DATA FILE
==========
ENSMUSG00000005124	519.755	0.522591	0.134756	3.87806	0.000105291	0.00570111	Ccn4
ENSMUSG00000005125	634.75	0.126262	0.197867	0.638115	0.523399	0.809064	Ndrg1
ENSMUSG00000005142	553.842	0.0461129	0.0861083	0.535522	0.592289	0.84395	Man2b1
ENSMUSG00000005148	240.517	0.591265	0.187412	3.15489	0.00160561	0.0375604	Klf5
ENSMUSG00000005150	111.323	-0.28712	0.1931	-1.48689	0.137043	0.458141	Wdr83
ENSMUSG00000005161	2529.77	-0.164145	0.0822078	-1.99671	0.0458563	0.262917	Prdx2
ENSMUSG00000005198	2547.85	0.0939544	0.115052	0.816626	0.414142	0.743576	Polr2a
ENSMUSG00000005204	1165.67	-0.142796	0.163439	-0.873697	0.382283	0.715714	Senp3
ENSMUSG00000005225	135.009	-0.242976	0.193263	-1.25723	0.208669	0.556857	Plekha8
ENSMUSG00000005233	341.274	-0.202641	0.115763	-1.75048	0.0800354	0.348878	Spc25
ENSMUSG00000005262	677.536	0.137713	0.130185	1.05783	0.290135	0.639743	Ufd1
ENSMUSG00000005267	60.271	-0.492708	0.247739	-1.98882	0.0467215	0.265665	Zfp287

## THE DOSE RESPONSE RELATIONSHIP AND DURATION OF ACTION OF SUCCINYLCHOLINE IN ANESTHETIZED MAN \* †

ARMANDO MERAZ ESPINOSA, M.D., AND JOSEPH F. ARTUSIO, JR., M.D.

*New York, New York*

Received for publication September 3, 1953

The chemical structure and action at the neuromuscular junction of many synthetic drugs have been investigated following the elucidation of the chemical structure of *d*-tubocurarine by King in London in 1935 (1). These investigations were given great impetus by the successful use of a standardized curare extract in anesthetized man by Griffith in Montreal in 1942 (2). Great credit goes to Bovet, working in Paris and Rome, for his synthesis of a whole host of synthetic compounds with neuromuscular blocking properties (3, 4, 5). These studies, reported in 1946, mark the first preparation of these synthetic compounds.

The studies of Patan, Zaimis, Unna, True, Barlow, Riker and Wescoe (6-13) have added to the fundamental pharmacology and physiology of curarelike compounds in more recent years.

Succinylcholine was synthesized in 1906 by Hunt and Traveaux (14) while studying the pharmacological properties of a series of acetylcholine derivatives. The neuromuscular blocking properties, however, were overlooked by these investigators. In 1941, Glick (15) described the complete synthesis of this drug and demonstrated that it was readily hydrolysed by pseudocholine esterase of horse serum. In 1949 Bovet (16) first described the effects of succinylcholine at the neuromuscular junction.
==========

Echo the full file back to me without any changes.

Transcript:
ENSMUSG00000005124	519.755	0.522591	0.134756	3.87806	0.000105291	0.00570111	Ccn4
ENSMUSG00000005125	634.75	0.126262	0.197867	0.638115	0.523399	0.809064	Ndrg1
ENSMUSG00000005142	553.842	0.0461129	0.0861083	0.535522	0.592289	0.84395	Man2b1
ENSMUSG00000005148	240.517	0.591265	0.187412	3.15489	0.00160561	0.0375604	Klf5
ENSMUSG00000005150	111.323	-0.28712	0.1931	-1.48689	0.137043	0.458141	Wdr83
ENSMUSG00000005161	2529.77	-0.164145	0.0822078	-1.99671	0.0458563	0.262917	Prdx2
ENSMUSG00000005198	2547.85	0.0939544	0.115052	0.816626	0.414142	0.743576	Polr2a
ENSMUSG00000005204	1165.67	-0.142796	0.163439	-0.873697	0.382283	0.715714	Senp3
ENSMUSG00000005225	135.009	-0.242976	0.193263	-1.25723	0.208669	0.556857	Plekha8
ENSMUSG00000005233	341.274	-0.202641	0.115763	-1.75048	0.0800354	0.348878	Spc25
ENSMUSG00000005262	677.536	0.137713	0.130185	1.05783	0.290135	0.639743	Ufd1
ENSMUSG00000005267	60.271	-0.492708	0.247739	-1.98882	0.0467215	0.265665	Zfp287

## THE DOSE RESPONSE RELATIONSHIP AND DURATION OF ACTION OF SUCCINYLCHOLINE IN ANESTHETIZED MAN \* †

ARMANDO MERAZ ESPINOSA, M.D., AND JOSEPH F. ARTUSIO, JR., M.D.

*New York, New York*

Received for publication September 3, 1953

The chemical structure and action at the neuromuscular junction of many synthetic drugs have been investigated following the elucidation of the chemical structure of *d*-tubocurarine by King in London in 1935 (1). These investigations were given great impetus by the successful use of a standardized curare extract in anesthetized man by Griffith in Montreal in 1942 (2). Great credit goes to Bovet, working in Paris and Rome, for his synthesis of a whole host of synthetic compounds with neuromuscular blocking properties (3, 4, 5). These studies, reported in 1946, mark the first preparation of these synthetic compounds.

The studies of Patan, Zaimis, Unna, True, Barlow, Riker and Wescoe (6-13) have added to the fundamental pharmacology and physiology of curarelike compounds in more recent years.

Succinylcholine was synthesized in 1906 by Hunt and Traveaux (14) while studying the pharmacological properties of a series of acetylcholine derivatives. The neuromuscular blocking properties, however, were overlooked by these investigators. In 1941, Glick (15) described the complete synthesis of this drug and demonstrated that it was readily hydrolysed by pseudocholine esterase of horse serum. In 1949 Bovet (16) first described the effects of succinylcholine at the neuromuscular junction.